“During the COVID-19 lockdown, we struggled to find money for food. We managed to take loans from our neighbours,” says Tharshani Kumar*. “[When schools re-opened], I had to send my son to school without breakfast every morning. I was afraid that he would not be able to continue his education.”
Kumar was 30 years old and a mother of three young children when her husband died. She became her family’s sole breadwinner, while also caring for her children.
Now, at 45, she lives in Jaffna (in Sri Lanka’s Northern Province) with a disability that makes it difficult for her to work. Her income from poultry farming dropped significantly once the COVID-19 lockdowns started in 2020. Her eldest daughter – whom they had relied on for household expenses – also had to stay at home, which meant she was left without a daily income to support her family.
Women heads of households are bearing the brunt of the COVID-19 crisis
Kumar’s story is by no means unusual in Sri Lanka, where over a quarter of households are headed by women. As many as 1.7 million women in the country are also engaged in informal employment and are not entitled to social protection and employment benefits.
Across Jaffna, another mother, Vanitha Selvam* (37), cares for her family of six. Her family lives in a makeshift hut and does not get much support from her husband who is an alcohol addict.
Selvam was pregnant during the lockdown. Her family lived mainly on bread and were only able to have two small meals a day. “I was not getting enough nourishment for my baby,” she says. “We also had to repay the loans for my children’s care and education.”
The struggle of mothers like Kumar and Selvam echoes across Sri Lanka.
In Kilinochchi District, 42-year-old Kayathri Chinnaiya* lives with her two daughters who are still in school. Her husband abandoned her; she doesn’t receive any support from him. As a daily wage worker, her income has been hard hit by the pandemic and she is barely able to take care of her family.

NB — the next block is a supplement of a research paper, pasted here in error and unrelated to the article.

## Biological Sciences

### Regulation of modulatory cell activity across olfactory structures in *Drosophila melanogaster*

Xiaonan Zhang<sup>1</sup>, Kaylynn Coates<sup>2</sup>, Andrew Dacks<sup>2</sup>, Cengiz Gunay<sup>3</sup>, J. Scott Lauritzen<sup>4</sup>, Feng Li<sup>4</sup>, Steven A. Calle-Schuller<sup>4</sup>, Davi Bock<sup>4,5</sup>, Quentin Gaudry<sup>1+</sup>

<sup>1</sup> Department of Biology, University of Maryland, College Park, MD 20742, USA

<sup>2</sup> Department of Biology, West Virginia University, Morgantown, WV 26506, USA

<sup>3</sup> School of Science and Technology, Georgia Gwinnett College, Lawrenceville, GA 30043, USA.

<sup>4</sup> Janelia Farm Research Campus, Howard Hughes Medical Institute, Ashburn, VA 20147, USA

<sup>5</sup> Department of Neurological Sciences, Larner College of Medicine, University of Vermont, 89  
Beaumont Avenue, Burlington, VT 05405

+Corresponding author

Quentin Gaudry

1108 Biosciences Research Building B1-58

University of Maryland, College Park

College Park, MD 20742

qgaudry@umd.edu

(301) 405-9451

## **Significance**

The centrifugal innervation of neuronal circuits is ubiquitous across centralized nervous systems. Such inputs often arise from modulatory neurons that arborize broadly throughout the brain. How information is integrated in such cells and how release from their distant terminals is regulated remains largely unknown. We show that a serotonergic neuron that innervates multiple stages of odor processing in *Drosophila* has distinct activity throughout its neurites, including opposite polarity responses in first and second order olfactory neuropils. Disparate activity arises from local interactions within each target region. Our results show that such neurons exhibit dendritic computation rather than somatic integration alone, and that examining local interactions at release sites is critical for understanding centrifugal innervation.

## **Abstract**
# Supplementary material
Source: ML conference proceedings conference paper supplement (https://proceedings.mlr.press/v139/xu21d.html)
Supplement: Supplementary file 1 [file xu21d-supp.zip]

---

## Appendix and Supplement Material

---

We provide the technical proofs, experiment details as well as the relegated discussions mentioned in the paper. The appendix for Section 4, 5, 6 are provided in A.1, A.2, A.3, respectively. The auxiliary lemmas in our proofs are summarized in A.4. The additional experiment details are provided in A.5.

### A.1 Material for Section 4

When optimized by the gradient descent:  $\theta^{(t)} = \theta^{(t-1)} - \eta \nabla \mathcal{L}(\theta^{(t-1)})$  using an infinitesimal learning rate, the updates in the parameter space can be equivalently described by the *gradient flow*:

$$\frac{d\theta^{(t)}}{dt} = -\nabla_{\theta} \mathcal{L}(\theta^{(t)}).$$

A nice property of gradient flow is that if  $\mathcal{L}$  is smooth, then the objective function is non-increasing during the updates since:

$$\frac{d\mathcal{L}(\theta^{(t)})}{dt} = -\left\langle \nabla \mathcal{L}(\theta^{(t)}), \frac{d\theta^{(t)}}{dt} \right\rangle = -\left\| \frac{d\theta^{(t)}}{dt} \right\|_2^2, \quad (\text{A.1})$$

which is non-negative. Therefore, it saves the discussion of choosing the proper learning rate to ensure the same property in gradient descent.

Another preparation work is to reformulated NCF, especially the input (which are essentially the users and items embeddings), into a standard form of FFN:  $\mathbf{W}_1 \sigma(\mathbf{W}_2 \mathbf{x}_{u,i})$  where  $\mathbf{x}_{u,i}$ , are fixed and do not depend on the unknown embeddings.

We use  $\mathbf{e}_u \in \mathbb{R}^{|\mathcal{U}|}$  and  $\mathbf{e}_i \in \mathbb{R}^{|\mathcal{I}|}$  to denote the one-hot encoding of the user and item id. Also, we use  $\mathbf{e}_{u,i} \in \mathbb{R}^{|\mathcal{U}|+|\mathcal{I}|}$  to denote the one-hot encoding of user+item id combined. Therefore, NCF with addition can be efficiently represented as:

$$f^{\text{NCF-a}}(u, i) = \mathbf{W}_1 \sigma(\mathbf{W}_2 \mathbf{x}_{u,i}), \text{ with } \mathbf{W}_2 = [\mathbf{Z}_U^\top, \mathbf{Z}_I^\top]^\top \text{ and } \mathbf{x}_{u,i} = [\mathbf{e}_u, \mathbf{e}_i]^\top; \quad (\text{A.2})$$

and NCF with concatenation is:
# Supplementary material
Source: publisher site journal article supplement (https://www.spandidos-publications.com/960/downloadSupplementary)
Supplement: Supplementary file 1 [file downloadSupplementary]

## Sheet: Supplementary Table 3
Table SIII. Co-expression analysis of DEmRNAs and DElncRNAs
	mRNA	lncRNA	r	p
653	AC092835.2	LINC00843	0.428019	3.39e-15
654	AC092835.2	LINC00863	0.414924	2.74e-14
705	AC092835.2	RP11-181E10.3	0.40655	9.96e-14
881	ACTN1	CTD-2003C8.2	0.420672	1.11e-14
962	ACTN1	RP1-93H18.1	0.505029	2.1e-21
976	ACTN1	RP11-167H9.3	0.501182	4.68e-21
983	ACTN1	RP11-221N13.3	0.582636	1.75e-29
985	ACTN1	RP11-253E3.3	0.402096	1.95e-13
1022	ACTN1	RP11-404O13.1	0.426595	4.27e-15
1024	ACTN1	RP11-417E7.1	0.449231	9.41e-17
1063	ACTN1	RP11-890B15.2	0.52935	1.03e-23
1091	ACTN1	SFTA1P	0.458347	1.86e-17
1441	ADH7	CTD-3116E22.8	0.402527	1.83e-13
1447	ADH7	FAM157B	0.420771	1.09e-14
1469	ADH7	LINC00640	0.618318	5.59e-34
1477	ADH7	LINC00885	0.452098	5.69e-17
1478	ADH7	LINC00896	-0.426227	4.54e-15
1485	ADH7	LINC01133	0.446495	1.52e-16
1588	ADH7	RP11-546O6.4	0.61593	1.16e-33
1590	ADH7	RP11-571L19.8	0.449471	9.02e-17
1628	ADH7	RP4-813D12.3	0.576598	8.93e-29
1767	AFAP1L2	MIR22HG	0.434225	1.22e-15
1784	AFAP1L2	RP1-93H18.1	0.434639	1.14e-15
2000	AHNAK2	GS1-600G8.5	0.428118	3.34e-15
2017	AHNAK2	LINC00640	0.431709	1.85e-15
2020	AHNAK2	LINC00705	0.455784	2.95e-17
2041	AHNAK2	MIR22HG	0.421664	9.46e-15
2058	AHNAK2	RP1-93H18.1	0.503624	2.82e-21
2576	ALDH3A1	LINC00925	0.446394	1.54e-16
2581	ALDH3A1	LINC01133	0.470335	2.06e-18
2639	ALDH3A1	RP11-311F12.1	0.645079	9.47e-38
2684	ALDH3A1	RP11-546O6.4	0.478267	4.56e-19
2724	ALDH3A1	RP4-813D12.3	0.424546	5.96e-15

During the lockdown, she earns a meagre income by grinding flour and roasting spices. She says that most of this income was spent on food and she found it difficult to support her children’s education.
Response and recovery: supporting female heads of households
“The socio-economic impact of COVID-19 has been severe for women in Sri Lanka and other countries in Asia and the Pacific, many of whom were highly vulnerable even before the pandemic – given that a large number of women have insecure and often low paid informal jobs,” says Ramaaya Salgado from UN Women in Sri Lanka.
“When women lack access to adequate social protection, they are likely to be burdened with unpaid care and domestic work, and as a result, tend to lose their livelihoods faster.”
In the wake of COVID-19, women and girls must be placed at the centre of response and recovery efforts.
“Applying a gender lens in designing social assistance programmes and investing in women’s economic empowerment is an opportunity for Sri Lanka to build back better from the crisis,” says Salgado.
In an effort to support mothers like Kumar, Selvam and Chinnaiya, UN Women in Sri Lanka – with support from the Government of Australia – provided emergency relief packages to female-headed households in Jaffna and Kilinochchi districts alongside Viluthu, a local NGO. Over 1,300 women heads of households economically impacted by the pandemic were supported through the initiative.
With the relief packs, Kumar and Selvam were relieved to see their children enjoy a proper meal.
Hopeful for the future, Chinnaiya says: “Having received dry rations and hygiene items necessary for the household for the month, I am hopeful that I can save enough money for my children’s education. I have two beautiful girls and I live only for them.”
*Names have been changed to maintain confidentiality